(Originally published on August 24, 2011; reprints previous original material published in this section)
By Jordan Patente
My mother moved to a new address recently. She had to organize a lot of things before moving to the new house, and the most challenging part of moving was transporting all her knickknacks. I saw a lot of unused items still in their original packaging. These are pieces that do not fit her lifestyle and just occupy space in her house. Summing up the cost of all those items, she could have already bought a brand new bed.
Most of us complain about not having enough resources to fund our lifestyles. But if we look closely at our expenses, we’ll find that we’ve been investing in a lot on things we don’t need. Not a lot of us are aware of our spending habits.
Who doesn’t love red-hot specials? I know friends who mark their calendars to anticipate the big event. Some prepare their credit cards and borrow money, while others purchase items they feel are badly needed at that time.
There are thousands of good deals out there and if you are not strong enough to turn down temptations, you’ll be an impulsive buyer. I know colleagues who enjoy shopping so much that they let expenses control their lives.
Who said your earning is not enough for you to meet both ends? Who said the amount of money that comes in is more important than what you’re saving? I know a lot of employees who earn well and spend bigger than what they earn every month. Regardless of your earning capacity, how you deal with money defines your present and your future.
Below are some of the tips that you could use to control bad spending habits and start saving:
Make a list and stick to it. You have to be organized when shopping. Create a list and religiously follow it. This will help you avoid unnecessary purchases. The list is created to identify items that you need, and if it’s not in there, then it is unnecessary.
Follow a mandatory waiting period. When you see something you’d like to buy, rather than buying it on the spot, force yourself to think about it for a week. We normally want something with so much emotion the first time we see it, but think—do you really need it? After a week, you will realize if it’s a must-buy, or forget about it altogether.
Avoid shopping on payday. Most people feel richer on payday and are more vulnerable to frivolous purchases. Set a working budget first before you go shopping. This will set a limit to your spending so make sure you stick to it.
Pay in cash. Numerous studies have shown that when people pay in cash rather than their credit card, they tend to spend less. This is because using cash makes spending more real, and the money harder to part with. If you still opt to use your card, every time you use it, set aside your cash payment or pay your provider the day after.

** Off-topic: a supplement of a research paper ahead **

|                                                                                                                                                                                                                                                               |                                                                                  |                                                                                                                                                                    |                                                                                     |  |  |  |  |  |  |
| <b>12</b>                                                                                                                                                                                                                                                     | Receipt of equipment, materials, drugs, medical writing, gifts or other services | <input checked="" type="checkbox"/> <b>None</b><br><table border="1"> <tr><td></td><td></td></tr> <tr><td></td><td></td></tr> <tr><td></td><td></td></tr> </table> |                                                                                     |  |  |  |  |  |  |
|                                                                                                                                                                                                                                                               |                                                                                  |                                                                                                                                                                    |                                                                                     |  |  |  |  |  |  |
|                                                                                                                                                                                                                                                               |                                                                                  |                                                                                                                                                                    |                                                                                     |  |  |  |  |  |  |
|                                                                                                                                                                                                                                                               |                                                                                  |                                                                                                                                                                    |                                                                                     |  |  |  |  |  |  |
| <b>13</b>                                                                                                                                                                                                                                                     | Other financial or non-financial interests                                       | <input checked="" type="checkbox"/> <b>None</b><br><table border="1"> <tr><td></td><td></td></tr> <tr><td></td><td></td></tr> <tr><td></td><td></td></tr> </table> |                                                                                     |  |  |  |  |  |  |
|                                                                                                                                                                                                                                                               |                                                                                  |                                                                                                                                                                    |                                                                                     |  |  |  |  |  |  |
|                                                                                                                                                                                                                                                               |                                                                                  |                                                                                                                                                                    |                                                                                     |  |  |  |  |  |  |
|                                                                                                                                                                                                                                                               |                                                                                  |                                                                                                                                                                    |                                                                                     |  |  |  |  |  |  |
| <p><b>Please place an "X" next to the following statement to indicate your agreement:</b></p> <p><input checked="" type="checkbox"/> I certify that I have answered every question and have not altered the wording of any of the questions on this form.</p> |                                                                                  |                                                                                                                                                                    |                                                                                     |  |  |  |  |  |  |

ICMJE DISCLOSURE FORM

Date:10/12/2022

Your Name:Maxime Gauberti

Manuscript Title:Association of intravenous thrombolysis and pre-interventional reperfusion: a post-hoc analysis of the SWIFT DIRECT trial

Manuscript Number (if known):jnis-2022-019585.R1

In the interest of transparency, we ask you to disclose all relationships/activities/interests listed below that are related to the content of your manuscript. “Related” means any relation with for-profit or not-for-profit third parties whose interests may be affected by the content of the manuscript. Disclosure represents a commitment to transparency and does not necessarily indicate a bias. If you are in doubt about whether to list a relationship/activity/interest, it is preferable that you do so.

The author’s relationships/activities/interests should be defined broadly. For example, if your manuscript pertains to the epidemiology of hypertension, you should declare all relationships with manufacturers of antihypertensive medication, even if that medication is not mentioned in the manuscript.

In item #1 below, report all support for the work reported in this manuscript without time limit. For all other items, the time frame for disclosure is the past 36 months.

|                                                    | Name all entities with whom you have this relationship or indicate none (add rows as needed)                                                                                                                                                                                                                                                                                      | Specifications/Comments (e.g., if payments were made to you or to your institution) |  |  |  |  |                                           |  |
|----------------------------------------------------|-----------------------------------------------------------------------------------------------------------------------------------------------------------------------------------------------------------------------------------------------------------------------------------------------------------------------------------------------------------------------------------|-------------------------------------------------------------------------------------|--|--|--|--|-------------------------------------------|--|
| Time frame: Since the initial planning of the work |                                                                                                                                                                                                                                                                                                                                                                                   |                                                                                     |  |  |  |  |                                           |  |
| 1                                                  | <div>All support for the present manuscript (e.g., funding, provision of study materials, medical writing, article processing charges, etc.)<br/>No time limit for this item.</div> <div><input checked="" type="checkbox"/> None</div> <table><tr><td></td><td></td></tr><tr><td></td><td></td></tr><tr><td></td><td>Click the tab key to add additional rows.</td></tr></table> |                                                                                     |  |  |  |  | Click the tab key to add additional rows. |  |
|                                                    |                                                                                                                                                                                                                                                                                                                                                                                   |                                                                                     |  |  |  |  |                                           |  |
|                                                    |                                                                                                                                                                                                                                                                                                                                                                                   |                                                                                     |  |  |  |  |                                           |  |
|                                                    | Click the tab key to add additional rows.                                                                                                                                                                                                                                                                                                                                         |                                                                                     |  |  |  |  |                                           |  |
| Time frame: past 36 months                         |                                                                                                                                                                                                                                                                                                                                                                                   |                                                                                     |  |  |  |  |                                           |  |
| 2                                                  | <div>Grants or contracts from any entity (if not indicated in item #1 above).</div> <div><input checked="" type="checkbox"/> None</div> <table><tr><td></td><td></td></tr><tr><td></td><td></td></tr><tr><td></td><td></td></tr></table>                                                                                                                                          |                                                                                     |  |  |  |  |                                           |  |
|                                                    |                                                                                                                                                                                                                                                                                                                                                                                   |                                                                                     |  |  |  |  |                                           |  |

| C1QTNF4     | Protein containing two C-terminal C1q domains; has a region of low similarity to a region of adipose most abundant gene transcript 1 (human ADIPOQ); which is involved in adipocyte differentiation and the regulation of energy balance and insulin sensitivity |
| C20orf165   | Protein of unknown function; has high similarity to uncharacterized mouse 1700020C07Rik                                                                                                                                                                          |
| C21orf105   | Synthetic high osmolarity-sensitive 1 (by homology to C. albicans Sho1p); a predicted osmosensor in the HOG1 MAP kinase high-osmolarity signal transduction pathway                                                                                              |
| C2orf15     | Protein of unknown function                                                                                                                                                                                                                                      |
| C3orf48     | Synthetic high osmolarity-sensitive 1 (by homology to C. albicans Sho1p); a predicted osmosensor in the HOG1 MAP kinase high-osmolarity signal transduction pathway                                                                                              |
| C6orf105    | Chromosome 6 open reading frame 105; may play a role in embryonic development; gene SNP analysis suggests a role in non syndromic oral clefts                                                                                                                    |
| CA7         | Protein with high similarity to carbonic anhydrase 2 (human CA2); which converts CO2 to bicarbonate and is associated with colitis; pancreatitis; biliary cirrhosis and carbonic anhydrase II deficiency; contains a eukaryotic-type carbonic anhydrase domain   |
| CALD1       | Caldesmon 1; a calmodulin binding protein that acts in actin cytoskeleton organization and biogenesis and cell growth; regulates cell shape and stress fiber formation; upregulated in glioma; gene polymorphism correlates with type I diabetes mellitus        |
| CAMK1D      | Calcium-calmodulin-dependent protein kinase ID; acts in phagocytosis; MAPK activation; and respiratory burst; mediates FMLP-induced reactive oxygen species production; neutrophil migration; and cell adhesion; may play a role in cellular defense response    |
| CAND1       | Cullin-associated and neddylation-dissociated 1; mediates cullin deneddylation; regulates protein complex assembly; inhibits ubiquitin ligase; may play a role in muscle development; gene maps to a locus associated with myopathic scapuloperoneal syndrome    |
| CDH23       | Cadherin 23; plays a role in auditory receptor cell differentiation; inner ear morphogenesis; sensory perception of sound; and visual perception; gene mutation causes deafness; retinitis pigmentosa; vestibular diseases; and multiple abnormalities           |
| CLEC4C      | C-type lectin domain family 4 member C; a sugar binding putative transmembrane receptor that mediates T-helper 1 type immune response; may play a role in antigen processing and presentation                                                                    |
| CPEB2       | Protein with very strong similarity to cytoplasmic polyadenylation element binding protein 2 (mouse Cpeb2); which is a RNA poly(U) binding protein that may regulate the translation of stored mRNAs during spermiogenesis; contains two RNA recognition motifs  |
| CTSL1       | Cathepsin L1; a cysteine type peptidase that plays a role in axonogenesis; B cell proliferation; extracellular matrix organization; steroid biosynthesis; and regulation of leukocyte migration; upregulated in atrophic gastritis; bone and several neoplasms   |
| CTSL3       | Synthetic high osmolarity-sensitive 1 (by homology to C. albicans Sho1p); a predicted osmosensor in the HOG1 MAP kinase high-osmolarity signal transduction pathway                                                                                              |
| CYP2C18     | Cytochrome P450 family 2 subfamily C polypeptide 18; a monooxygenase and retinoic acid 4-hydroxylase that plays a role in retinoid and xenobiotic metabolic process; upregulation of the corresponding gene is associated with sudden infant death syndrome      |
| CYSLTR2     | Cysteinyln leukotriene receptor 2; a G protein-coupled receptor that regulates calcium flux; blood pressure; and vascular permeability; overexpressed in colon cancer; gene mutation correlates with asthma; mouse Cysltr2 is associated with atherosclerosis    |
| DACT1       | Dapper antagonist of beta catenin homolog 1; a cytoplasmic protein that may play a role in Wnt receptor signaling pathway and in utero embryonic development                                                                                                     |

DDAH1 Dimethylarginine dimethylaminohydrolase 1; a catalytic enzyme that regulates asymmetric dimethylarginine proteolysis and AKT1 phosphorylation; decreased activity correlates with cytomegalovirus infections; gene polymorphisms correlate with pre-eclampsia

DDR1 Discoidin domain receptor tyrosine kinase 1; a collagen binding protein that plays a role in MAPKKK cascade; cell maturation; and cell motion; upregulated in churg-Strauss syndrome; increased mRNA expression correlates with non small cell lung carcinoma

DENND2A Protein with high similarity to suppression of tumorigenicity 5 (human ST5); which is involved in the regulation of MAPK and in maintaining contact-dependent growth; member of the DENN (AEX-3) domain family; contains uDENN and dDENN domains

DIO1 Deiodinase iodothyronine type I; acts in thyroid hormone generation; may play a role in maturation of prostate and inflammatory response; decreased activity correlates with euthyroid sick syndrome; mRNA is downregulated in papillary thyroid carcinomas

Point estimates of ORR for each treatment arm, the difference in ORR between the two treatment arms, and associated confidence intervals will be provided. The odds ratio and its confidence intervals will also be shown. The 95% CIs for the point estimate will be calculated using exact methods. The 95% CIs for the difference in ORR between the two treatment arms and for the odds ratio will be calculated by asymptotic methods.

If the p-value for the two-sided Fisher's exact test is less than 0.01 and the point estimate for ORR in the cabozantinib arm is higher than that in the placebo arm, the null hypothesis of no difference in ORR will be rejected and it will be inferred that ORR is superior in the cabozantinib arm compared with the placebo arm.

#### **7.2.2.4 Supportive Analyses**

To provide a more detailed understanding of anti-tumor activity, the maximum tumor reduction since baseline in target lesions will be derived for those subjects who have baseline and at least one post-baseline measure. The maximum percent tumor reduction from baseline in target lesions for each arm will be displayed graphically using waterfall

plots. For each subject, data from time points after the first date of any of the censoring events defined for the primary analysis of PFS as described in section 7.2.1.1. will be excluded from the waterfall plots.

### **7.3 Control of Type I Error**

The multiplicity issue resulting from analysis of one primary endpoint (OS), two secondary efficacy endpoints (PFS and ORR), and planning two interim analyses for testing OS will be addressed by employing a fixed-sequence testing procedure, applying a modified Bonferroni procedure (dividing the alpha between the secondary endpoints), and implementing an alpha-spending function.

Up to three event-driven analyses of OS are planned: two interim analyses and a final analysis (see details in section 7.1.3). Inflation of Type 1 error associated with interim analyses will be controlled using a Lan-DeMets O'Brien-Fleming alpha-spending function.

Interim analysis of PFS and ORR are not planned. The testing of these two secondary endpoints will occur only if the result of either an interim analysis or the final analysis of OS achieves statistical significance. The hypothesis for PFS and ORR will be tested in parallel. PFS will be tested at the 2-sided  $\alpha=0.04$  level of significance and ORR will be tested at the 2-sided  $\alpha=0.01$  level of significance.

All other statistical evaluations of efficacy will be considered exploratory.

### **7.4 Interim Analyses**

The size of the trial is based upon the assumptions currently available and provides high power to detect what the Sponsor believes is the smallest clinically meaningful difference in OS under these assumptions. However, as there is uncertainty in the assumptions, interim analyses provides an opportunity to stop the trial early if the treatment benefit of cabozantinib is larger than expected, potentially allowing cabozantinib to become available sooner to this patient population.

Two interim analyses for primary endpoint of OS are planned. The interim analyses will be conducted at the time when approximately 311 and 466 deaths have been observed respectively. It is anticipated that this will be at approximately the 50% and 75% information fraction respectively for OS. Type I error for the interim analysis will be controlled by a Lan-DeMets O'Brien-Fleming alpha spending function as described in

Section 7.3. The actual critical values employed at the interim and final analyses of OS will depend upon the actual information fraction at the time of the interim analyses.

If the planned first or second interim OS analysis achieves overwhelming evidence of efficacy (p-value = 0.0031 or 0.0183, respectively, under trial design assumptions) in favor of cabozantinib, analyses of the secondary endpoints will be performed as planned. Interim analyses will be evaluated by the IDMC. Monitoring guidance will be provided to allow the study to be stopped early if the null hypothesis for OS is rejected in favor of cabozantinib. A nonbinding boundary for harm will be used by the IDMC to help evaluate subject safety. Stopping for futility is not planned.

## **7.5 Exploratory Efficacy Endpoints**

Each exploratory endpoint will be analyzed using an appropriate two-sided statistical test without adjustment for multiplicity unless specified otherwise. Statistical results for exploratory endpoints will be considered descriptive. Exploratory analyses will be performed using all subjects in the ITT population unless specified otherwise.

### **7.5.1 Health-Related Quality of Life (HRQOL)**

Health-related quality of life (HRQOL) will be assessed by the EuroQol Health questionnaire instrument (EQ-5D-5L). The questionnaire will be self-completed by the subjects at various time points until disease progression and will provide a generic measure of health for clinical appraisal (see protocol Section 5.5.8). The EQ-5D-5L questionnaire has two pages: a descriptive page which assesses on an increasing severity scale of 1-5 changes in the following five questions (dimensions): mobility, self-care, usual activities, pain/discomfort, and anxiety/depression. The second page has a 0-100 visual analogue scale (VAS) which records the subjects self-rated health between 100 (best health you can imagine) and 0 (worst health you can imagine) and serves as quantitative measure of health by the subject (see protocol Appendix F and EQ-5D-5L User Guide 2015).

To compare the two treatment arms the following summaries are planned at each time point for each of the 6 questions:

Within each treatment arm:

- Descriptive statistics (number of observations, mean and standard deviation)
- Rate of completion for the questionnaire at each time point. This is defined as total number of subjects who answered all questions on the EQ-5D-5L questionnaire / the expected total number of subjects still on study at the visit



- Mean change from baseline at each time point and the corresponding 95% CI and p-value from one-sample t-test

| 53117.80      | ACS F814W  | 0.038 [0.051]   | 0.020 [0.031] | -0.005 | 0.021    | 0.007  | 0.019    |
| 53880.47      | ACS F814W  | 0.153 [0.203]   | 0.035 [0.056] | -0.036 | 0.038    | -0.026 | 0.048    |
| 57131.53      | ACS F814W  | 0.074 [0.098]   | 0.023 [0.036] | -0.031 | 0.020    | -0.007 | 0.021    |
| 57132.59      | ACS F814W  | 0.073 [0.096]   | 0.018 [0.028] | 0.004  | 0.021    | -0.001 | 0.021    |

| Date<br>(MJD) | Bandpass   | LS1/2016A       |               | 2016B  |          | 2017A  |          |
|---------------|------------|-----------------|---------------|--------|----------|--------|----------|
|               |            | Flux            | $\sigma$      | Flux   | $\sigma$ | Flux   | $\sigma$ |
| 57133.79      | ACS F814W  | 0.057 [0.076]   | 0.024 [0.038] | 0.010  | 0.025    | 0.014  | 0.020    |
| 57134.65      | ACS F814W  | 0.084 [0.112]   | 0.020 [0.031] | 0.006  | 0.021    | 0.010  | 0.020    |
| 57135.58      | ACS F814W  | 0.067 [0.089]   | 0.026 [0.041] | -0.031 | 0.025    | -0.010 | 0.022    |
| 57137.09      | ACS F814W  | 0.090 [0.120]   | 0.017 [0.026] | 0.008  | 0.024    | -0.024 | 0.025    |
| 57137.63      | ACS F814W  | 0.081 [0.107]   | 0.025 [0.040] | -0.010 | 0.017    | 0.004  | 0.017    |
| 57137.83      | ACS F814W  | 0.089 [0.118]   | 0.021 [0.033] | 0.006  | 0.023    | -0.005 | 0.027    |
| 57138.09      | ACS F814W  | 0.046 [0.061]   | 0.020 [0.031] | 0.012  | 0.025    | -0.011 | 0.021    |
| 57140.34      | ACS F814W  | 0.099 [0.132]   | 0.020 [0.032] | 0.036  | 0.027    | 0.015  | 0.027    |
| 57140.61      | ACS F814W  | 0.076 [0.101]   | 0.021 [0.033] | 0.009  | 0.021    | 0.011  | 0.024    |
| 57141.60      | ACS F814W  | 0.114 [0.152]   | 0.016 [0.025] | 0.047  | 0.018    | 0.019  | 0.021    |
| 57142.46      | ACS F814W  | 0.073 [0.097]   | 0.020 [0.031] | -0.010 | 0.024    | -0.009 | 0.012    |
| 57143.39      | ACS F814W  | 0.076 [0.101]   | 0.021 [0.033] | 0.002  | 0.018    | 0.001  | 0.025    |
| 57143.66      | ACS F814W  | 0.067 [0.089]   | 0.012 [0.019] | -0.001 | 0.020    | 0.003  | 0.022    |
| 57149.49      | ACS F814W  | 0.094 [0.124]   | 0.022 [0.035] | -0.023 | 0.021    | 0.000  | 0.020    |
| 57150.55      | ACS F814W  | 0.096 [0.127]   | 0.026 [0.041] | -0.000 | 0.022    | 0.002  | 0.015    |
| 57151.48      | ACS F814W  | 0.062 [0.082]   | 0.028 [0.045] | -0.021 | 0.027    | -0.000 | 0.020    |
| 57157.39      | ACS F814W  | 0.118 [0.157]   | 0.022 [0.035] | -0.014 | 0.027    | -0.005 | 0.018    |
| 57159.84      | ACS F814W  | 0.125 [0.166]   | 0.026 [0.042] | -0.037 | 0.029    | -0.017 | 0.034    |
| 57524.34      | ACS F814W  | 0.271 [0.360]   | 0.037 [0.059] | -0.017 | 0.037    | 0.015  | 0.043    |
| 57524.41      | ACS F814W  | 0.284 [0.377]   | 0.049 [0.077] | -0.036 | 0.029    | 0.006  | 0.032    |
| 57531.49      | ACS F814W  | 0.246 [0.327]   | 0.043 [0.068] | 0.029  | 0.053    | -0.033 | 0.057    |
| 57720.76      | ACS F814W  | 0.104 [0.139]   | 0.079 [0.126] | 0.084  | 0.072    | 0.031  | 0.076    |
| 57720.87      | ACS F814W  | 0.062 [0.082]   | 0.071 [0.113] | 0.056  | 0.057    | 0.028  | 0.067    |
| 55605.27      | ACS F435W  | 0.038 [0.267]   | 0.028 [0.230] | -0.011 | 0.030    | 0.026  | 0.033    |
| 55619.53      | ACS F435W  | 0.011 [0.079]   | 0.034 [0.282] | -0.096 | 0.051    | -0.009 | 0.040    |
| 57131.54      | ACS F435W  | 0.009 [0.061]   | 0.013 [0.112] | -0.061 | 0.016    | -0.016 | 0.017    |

Wait for second-generation gadgets. When it comes to buying the latest high tech gadgets, it makes sense to wait. Most technology decreases in price after it is initially released. Later versions usually have fewer bugs and better capability. Most of your current gadgets have all the functions you desire, so think wisely if you need a new one or just save the money for better use.
Set and focus on your goals. Knowing what’s important to you and what you really want to achieve with your money will help distract you from short-term wants.
Always begin with an end in mind. If discipline and control over your spending is a must to achieve your greater goals, do it. Saving and achieving your goals are just the effect of good money management. What you learn from the process is priceless and will give you boundless opportunities in return. Bigger goals, once achieved, will help finance your wants in the near future. For now, maximize your hard earned money by multiplying your fortune, not your liabilities.
These are some of the benefits that you’ll get when you follow these tips: you’ll see your savings grow, you’ll feel great pride in controlling your spending, and saving will become second nature.
Jordan Willy Patente is the president of Dynamic Empowerment Philippines and has been a success coach for five years. He has also conducted motivational talks and directed musical and theatrical productions.
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